The best time to find construction work in Melbourne?

A massive plus for this line of work is that employers are usually hiring all year round. The only time you would find it difficult to get work is over public holidays, as non-essential worksites tend to shut down. 

Where to find construction work in Melbourne?

Labouring jobs are plentiful but normally involve the need for your own transport as you’ll be working on sites all over the city. Sometimes work will be available in easy-to-reach spots, but just as often it can take place in the outer suburbs away from public transport. Having private transport or carpooling with colleagues is recommended.

Get your White Card

For any job in this sector, you’ll require a specific but easily attainable licence called a White Card. This licence is to show that you’ve completed a half-day in-person training course and passed an online test. The course covers safety aspects of working on-site and is mandatory.

Get discounts on your White Card course

Take advantage of our special offers to get your White Card and work in the construction industry.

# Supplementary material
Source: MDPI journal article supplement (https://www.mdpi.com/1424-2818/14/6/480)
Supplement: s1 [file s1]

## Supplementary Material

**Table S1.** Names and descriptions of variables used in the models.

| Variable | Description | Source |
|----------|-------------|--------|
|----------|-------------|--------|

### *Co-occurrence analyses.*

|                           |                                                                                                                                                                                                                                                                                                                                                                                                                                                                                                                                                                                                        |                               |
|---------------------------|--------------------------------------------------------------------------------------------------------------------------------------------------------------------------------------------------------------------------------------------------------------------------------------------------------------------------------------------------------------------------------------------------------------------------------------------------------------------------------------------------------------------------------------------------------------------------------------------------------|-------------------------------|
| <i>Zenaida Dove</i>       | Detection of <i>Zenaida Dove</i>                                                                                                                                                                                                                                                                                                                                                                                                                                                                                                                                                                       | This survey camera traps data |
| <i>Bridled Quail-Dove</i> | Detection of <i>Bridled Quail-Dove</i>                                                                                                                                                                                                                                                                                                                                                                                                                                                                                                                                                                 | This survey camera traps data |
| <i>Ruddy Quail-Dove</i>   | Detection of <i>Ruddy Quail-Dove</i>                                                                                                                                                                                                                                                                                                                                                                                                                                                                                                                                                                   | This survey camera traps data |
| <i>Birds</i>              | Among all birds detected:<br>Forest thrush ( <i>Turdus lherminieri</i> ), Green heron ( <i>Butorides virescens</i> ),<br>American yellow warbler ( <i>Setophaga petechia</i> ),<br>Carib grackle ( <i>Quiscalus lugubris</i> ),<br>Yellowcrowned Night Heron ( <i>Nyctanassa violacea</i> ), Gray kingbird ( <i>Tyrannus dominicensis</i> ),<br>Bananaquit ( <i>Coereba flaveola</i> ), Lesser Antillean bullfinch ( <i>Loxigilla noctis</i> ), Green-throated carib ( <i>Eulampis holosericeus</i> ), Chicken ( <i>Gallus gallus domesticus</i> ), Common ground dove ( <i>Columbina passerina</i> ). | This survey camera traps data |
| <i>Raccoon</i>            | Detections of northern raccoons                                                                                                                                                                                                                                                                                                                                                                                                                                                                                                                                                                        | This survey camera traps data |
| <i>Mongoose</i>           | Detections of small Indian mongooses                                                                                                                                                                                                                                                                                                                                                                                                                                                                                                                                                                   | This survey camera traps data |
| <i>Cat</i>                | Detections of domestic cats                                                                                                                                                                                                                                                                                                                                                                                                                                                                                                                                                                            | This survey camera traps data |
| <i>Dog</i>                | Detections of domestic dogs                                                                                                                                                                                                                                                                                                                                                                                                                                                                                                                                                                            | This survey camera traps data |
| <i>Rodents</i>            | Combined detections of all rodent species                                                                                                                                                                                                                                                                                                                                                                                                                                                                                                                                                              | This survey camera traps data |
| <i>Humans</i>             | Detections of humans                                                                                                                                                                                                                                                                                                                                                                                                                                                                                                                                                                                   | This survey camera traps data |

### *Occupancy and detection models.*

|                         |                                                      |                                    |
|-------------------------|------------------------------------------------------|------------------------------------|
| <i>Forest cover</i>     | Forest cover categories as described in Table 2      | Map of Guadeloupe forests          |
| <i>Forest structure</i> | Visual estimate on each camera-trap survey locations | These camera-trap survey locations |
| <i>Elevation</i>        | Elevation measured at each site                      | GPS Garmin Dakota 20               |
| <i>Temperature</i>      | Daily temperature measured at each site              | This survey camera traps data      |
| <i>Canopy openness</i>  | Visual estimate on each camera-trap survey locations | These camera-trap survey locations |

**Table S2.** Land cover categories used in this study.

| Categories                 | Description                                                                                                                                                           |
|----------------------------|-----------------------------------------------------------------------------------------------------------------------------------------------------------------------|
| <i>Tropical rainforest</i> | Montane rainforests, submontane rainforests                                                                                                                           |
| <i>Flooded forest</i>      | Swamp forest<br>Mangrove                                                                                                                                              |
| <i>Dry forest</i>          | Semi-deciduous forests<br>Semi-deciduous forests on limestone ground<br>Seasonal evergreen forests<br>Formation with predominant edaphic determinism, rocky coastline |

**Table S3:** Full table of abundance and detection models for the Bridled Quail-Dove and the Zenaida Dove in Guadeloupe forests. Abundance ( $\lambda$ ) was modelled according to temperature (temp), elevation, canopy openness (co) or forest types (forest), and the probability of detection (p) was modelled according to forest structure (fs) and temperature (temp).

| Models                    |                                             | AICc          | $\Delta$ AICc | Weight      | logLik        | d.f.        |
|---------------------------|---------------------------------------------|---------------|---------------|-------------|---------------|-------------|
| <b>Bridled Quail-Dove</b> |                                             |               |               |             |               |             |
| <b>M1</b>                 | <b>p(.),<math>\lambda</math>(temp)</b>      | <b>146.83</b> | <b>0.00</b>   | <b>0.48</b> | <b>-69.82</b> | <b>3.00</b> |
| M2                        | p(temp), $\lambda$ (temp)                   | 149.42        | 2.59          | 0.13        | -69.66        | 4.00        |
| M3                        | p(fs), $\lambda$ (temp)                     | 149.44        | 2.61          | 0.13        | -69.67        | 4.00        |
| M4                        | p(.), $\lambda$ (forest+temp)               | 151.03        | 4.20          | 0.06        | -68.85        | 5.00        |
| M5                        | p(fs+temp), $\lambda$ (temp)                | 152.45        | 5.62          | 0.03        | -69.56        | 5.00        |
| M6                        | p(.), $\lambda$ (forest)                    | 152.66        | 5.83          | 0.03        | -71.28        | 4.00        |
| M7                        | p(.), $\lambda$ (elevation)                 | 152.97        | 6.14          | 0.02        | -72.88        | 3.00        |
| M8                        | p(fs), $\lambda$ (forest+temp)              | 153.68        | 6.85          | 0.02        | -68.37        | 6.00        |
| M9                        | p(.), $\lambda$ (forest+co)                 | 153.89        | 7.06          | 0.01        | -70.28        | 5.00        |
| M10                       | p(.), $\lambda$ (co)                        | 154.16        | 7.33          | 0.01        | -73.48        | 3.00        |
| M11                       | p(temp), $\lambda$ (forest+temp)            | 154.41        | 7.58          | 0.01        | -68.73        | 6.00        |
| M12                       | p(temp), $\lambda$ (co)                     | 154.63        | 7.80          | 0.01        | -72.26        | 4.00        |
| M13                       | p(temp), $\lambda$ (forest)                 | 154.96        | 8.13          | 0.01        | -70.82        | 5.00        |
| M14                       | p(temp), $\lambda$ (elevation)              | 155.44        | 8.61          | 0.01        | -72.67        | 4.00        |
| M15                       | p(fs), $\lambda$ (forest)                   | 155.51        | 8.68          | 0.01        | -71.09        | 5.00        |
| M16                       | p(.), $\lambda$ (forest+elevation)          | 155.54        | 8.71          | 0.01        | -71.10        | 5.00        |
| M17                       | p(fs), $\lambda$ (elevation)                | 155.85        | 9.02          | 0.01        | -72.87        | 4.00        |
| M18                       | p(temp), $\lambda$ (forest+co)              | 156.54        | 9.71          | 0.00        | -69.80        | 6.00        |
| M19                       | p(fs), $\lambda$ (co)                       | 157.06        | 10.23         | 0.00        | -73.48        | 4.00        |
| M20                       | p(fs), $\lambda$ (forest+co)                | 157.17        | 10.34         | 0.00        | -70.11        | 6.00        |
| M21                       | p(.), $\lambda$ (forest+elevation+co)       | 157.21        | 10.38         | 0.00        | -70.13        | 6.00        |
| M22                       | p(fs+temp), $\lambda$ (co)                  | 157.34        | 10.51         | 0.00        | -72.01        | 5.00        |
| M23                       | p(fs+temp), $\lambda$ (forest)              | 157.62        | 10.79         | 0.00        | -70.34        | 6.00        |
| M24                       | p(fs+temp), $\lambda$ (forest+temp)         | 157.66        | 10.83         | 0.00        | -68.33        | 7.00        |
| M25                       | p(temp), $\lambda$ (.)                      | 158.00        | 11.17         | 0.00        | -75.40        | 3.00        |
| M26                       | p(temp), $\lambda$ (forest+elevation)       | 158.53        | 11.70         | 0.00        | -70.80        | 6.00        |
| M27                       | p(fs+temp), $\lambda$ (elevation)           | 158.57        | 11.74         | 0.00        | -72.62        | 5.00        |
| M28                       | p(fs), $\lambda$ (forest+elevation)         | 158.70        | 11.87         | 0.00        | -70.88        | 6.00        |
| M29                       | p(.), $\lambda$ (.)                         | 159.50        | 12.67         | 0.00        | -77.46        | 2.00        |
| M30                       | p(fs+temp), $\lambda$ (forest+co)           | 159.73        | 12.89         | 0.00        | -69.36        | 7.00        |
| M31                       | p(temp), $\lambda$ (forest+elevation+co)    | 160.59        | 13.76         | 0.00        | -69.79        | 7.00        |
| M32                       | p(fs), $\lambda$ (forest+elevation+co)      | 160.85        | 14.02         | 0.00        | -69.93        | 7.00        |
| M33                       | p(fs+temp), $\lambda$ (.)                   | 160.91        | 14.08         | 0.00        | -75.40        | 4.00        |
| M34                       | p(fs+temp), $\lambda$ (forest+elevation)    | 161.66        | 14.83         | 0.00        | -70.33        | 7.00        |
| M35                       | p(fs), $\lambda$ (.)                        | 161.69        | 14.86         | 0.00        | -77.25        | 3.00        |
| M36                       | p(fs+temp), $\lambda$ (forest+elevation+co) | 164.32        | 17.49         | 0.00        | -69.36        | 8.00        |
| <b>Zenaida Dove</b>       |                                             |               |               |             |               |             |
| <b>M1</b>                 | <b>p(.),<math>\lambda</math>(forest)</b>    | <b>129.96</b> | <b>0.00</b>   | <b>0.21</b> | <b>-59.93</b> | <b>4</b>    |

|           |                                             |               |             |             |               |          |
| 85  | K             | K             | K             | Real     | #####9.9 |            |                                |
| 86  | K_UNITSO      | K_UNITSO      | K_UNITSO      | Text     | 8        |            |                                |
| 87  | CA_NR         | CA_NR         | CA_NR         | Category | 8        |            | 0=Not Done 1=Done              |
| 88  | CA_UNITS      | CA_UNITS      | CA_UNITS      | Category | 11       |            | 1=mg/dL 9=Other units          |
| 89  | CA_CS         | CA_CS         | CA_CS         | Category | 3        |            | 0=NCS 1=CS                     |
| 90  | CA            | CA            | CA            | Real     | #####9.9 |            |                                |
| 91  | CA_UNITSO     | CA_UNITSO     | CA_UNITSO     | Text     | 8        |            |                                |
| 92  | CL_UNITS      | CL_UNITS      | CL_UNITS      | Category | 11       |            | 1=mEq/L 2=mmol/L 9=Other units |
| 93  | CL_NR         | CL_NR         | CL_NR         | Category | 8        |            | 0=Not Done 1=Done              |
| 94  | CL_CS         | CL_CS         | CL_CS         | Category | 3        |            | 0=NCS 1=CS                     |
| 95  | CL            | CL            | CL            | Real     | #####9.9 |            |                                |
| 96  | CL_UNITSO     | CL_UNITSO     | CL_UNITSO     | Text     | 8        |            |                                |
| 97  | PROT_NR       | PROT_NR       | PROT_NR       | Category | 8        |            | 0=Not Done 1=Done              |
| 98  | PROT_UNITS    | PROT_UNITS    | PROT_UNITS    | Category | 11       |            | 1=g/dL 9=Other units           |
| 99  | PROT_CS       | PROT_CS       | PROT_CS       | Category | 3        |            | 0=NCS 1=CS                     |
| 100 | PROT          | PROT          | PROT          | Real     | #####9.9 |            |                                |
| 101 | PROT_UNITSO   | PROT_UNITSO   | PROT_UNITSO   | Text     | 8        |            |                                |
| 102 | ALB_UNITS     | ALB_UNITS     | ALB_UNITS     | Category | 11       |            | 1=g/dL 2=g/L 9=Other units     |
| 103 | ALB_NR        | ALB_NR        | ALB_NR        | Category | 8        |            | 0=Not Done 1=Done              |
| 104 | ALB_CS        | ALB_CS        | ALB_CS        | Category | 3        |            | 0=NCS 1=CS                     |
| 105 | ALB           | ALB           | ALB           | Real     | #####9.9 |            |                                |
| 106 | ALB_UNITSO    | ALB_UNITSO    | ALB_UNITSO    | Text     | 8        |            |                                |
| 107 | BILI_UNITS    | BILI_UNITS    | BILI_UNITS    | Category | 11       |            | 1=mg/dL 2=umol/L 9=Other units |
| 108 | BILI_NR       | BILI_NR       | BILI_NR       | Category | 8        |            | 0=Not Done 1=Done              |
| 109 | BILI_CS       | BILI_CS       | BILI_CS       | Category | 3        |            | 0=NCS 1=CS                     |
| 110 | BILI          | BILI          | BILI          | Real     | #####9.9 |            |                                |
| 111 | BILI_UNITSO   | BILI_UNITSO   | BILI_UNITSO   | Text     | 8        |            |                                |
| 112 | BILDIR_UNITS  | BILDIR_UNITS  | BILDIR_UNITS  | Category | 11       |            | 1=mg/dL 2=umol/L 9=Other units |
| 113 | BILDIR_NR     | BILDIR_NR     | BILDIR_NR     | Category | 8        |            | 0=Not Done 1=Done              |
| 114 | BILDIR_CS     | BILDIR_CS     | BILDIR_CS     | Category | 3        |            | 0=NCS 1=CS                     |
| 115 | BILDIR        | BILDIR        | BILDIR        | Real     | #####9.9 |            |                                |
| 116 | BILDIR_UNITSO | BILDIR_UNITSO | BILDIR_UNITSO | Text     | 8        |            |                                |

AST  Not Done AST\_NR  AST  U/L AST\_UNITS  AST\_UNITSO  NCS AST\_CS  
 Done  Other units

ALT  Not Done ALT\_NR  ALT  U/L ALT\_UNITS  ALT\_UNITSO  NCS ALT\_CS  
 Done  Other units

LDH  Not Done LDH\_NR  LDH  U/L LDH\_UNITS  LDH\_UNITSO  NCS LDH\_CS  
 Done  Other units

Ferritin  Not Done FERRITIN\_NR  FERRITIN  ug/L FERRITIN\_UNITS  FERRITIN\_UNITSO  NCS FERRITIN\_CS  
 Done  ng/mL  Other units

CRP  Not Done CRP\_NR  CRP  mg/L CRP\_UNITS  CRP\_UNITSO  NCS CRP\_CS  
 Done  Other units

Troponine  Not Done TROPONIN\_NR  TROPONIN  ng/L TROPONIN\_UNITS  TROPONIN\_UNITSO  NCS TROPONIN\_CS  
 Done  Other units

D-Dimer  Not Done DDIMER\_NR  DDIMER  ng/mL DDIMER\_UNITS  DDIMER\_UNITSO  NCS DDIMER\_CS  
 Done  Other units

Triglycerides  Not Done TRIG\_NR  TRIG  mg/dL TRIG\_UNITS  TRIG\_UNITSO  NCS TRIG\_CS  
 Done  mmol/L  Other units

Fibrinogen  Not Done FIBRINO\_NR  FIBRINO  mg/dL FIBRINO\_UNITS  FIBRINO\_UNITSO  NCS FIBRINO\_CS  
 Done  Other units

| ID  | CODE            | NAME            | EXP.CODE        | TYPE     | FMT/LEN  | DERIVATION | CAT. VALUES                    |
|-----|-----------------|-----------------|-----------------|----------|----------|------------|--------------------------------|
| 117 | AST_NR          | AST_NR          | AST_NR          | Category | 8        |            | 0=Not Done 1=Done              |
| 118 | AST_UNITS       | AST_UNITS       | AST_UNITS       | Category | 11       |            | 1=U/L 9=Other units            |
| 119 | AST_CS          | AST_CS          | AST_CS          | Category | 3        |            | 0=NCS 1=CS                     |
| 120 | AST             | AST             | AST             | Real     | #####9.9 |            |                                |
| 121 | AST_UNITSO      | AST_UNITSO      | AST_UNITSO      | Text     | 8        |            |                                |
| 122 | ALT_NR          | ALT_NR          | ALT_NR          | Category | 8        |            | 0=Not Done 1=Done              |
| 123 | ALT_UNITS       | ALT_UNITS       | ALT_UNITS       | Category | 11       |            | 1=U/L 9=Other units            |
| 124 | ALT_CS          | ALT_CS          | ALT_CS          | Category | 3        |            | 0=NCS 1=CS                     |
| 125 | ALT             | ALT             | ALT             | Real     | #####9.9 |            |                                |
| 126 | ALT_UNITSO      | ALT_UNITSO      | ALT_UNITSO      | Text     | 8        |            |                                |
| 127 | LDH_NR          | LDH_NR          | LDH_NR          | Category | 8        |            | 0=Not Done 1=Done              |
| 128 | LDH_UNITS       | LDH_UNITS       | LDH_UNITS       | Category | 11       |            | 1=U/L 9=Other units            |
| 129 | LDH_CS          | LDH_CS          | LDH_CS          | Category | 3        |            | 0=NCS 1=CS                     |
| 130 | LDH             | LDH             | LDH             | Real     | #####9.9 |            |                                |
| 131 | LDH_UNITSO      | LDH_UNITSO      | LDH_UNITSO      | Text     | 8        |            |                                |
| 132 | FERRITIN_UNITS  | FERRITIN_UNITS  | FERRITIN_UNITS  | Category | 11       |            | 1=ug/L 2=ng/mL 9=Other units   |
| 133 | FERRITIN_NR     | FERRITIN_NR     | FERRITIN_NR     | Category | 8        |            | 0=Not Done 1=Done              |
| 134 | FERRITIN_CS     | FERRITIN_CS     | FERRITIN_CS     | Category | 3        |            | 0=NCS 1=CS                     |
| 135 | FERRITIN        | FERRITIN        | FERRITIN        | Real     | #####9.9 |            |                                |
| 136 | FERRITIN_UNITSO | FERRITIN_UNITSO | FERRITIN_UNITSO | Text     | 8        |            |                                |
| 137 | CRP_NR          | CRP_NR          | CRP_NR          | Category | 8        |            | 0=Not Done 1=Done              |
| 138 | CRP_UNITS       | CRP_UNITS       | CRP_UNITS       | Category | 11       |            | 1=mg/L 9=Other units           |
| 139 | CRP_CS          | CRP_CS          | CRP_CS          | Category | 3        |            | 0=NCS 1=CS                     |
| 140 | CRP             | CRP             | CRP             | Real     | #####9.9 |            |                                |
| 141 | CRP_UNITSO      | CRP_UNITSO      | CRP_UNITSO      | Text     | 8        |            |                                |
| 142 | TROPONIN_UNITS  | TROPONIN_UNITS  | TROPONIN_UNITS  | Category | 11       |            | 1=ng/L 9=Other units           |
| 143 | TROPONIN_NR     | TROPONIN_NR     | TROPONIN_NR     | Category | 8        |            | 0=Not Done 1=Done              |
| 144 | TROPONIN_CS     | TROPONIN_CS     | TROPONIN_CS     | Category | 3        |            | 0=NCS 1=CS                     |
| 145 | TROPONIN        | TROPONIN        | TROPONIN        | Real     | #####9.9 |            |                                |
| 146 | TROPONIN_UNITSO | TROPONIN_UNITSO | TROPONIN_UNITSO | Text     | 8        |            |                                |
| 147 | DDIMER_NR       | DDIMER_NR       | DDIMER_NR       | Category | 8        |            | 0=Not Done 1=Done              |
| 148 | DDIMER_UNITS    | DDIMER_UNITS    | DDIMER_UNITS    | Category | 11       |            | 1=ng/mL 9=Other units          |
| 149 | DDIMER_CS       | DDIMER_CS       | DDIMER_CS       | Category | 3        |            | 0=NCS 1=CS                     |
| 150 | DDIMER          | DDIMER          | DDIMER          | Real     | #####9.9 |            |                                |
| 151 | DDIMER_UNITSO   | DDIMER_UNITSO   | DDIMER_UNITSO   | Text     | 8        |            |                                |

How do you get a construction job in Melbourne?

Gumtree.com.au is a good place to find construction work. Otherwise, word-of-mouth can be very effective in this industry for getting ongoing work – ie: being referred to by friends or colleagues. 

Work in cleaning

Say what you will about cleaning, but it’s a necessary part of life. Work as sanitation attendants is always going in places such as shopping centres, office buildings, stations, and airport. The pay normally starts at $30AUD p/h and attracts a lot of immigrants and local workers alike. 

How to get a Job in Melbourne

The best time to get a job in cleaning